Anesthesia and You (Anesthesia for Oral Surgery)

What kind of anesthesia will I receive?

You have been referred to this office because of the challenging nature of treatment requested by your dentist. Your anesthesia needs are determined by your medical condition(s) as well as the type of operation you will have. Our surgeons employ a variety of anesthetic modalities to make your experience as comfortable and safe as possible. These include:

Local Anesthetic

Local anesthetic can be an effective method for eliminating pain associated with removal of a tooth. Our experience is that this form of anesthesia provides very limited options for both the patient and surgeon. Local anesthesia does not diminish an individual’s awareness of pressure, vibration and/or noise associated with tooth removal or related surgeries. Likewise, if an individual has a badly infected tooth, frequently, local anesthetic will be ineffective in eliminating discomfort as well. Often times, individuals will have a variety of medical problems which prohibit the use of local anesthesia alone.

Intravenous Sedation

Intravenous sedative agents are administered which provide relaxation and pain control. This involves the full monitoring of vital signs, breathing rate, blood pressure and the use of an electrocardiogram. It should be noted that in very anxious individuals, this form of anesthesia can be ineffective. It is important to understand that this technique does not fully diminish one’s awareness of the procedure.

General Anesthesia

This is the most common form of anesthesia administered in our office. It is extremely safe and effective. Likewise, the recovery from general anesthetic is quite fast, and the same as the recovery associated with intravenous sedation. This technique allows us to completely eliminate an individual’s awareness of the procedure. General anesthesia also reduces the risk of any involuntary movement by the individual during surgery.

How long is the surgery expected to last?

This depends mostly on the nature of the surgery and is best answered by your surgeon.

How will I be monitored during the surgery, and by whom?

Your anesthetic team is personally responsible for your comfort and well being. Blood pressure, pulse rate, EKG and oxygen levels are some of the important vital signs that are monitored during your surgery.

What emergency procedures are in place in case there’s a serious complication?

Our office has the necessary emergency drugs, equipment and procedures in place to care for you in the rare event of a serious complication. Anesthesiologists have the specialized medical training to anticipate and treat complications. All of our nurses and doctors have current advanced cardiac life support training (ACLS) and we frequently rehearse emergency drills. In rare instances, serious complications may require that you are transferred to a local hospital.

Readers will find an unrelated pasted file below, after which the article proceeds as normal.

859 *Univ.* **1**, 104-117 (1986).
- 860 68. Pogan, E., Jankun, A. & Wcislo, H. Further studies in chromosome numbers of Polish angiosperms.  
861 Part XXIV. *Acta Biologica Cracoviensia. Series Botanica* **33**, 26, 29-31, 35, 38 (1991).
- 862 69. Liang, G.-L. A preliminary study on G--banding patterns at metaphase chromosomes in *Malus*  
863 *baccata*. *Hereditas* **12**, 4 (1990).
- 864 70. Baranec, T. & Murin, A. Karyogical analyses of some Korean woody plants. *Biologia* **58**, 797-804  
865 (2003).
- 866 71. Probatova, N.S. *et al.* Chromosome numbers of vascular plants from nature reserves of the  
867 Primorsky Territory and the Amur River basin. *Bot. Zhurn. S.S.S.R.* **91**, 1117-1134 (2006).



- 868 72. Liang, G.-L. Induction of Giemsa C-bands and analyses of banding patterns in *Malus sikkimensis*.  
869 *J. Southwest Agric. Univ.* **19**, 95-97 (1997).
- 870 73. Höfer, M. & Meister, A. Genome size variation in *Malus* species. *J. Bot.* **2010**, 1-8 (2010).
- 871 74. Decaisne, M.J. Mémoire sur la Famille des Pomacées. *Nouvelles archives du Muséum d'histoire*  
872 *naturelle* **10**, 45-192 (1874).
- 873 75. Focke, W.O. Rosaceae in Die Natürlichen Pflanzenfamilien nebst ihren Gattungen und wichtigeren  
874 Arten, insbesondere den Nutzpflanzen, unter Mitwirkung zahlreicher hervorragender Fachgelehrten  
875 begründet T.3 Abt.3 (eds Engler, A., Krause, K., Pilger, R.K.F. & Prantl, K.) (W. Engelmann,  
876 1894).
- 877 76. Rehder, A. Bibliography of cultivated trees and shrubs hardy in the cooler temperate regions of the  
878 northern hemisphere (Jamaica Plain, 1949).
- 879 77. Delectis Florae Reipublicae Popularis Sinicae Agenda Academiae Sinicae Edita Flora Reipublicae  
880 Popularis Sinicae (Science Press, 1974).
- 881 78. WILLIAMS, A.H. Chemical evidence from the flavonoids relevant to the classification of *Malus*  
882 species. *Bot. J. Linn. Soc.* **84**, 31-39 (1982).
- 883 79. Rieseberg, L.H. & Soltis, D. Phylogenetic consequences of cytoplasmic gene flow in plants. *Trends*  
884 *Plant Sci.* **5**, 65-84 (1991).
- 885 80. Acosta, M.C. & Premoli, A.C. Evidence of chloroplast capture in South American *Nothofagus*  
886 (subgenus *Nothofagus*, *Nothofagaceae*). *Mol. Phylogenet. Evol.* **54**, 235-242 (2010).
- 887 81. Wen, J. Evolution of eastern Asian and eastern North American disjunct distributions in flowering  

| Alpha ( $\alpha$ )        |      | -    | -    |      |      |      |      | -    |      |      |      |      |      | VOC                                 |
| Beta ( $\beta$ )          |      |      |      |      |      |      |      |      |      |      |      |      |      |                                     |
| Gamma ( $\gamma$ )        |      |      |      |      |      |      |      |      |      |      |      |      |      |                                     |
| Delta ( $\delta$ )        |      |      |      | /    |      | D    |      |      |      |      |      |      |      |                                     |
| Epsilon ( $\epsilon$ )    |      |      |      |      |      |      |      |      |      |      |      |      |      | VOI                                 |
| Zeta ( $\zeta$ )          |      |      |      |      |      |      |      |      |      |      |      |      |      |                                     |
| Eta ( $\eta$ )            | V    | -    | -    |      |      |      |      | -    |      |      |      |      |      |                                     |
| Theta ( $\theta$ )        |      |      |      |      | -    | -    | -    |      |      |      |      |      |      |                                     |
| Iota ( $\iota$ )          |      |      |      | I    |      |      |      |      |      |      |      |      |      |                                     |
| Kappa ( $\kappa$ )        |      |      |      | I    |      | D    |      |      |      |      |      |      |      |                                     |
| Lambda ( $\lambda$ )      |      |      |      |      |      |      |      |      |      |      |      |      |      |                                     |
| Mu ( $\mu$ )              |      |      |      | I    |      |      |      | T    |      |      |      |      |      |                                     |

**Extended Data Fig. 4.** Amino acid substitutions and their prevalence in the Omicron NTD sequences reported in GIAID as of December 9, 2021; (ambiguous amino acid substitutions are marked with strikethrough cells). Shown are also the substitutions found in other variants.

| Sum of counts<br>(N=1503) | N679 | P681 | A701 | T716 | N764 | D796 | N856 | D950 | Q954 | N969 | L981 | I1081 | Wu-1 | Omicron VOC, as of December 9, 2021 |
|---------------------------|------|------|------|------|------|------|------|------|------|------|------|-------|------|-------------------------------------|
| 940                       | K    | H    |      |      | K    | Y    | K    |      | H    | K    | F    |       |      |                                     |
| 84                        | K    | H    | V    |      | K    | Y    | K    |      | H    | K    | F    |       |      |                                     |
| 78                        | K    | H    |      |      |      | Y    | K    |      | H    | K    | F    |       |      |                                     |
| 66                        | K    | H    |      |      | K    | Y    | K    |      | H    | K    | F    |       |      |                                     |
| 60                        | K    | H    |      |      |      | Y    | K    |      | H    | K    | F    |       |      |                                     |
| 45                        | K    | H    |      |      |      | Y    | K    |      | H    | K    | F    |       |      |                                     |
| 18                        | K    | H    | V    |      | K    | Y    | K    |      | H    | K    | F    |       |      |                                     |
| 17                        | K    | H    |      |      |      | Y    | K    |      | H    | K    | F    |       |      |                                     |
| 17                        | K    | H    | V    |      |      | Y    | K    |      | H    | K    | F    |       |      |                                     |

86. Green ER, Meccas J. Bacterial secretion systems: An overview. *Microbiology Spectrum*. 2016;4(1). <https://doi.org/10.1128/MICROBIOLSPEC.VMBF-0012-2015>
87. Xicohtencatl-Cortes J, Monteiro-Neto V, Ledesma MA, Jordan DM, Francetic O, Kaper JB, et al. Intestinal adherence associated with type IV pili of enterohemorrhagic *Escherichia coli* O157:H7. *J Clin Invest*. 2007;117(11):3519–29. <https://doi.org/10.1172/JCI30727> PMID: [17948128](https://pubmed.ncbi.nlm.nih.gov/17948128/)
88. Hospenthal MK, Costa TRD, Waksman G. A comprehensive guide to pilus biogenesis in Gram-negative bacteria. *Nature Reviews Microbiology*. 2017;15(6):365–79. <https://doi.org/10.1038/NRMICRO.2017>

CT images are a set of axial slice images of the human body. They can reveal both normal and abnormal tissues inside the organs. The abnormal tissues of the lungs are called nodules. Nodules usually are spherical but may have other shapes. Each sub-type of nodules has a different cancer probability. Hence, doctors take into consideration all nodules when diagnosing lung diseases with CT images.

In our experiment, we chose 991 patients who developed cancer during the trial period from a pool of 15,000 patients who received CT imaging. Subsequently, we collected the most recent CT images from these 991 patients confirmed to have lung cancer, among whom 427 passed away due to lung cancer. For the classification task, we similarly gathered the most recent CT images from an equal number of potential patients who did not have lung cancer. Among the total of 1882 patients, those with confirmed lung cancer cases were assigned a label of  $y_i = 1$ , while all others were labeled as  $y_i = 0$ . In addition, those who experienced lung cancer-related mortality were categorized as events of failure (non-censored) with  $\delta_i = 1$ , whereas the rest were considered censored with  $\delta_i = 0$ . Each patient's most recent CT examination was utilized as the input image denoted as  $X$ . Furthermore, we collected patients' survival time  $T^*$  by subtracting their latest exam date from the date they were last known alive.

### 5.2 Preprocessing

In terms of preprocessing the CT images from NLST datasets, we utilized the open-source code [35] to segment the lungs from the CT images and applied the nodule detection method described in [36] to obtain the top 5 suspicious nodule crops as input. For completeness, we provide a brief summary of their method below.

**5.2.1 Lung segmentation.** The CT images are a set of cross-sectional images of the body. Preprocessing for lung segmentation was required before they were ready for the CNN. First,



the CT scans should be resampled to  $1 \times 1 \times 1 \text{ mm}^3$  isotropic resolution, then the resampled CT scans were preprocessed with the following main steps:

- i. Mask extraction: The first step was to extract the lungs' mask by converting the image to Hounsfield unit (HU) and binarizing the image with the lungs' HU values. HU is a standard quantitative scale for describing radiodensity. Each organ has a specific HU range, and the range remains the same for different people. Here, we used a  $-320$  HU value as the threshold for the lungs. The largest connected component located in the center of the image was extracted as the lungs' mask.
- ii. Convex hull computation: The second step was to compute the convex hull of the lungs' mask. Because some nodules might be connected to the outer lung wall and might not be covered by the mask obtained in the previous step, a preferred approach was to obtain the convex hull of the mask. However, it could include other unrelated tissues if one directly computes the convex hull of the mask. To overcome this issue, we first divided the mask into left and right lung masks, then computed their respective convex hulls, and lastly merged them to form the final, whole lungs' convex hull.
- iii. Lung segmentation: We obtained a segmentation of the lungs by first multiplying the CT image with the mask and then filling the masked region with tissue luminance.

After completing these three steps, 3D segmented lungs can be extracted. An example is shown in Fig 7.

Who will monitor my recovery after surgery and for how long?

According to guidelines established by the College of Physicians and Surgeons, all phases of anesthesia, including recovery, should be supervised. Your anesthesiologist, as well as our experienced nurses, will monitor your needs for your safe recovery. You may be given extra oxygen and your breathing and heart functions will be observed closely. You will not be discharged home until you are fit to go, usually within one hour after surgery.

Will I have any side effects?

The amount of discomfort you experience will depend on a number of factors, especially the type of surgery. Your doctors and nurses can relieve pain after your surgery with medicines given by mouth, injection or by numbing the area around the incision. Your discomfort should be tolerable, but do not expect to be totally pain-free.

Nausea or vomiting may be related to anesthesia, the type of surgical procedure or postoperative pain medications. Although less of a problem today because of improved anesthetic agents and techniques, these side effects continue to occur for some patients.

Medications to minimize postoperative pain, nausea and vomiting are often given by your anesthesiologist during the surgical procedure and in recovery. You may experience a sore throat and/or nose bleed, which usually resolve quickly.

Recovery at home

What can I expect?

Be prepared to go home and finish your recovery there. Patients often experience drowsiness and minor after-effects following ambulatory anesthesia, including muscle aches, sore throat and occasional dizziness or headaches. Nausea also may be present, but vomiting is less common. These side effects usually decline rapidly in the hours following surgery. The majority of patients do not feel up to their typical activities the next day. Plan to take it easy for a few days until you feel back to normal. Know that a period of recovery at home is common and to be expected.

Follow Up

Be sure to follow the instructions given to you while at the surgical facility. These instructions are important to permit the fastest, safest and most pleasant recovery possible. If you have any questions, please feel free to call our office.

Sometime after your ambulatory anesthesia, and surgery, you will be contacted to see how you feel and if you had any problems. You may receive a telephone call from our surgical facility or a questionnaire to mail back. It is important to use this opportunity to let your caregivers know how you feel so they may provide the best possible care.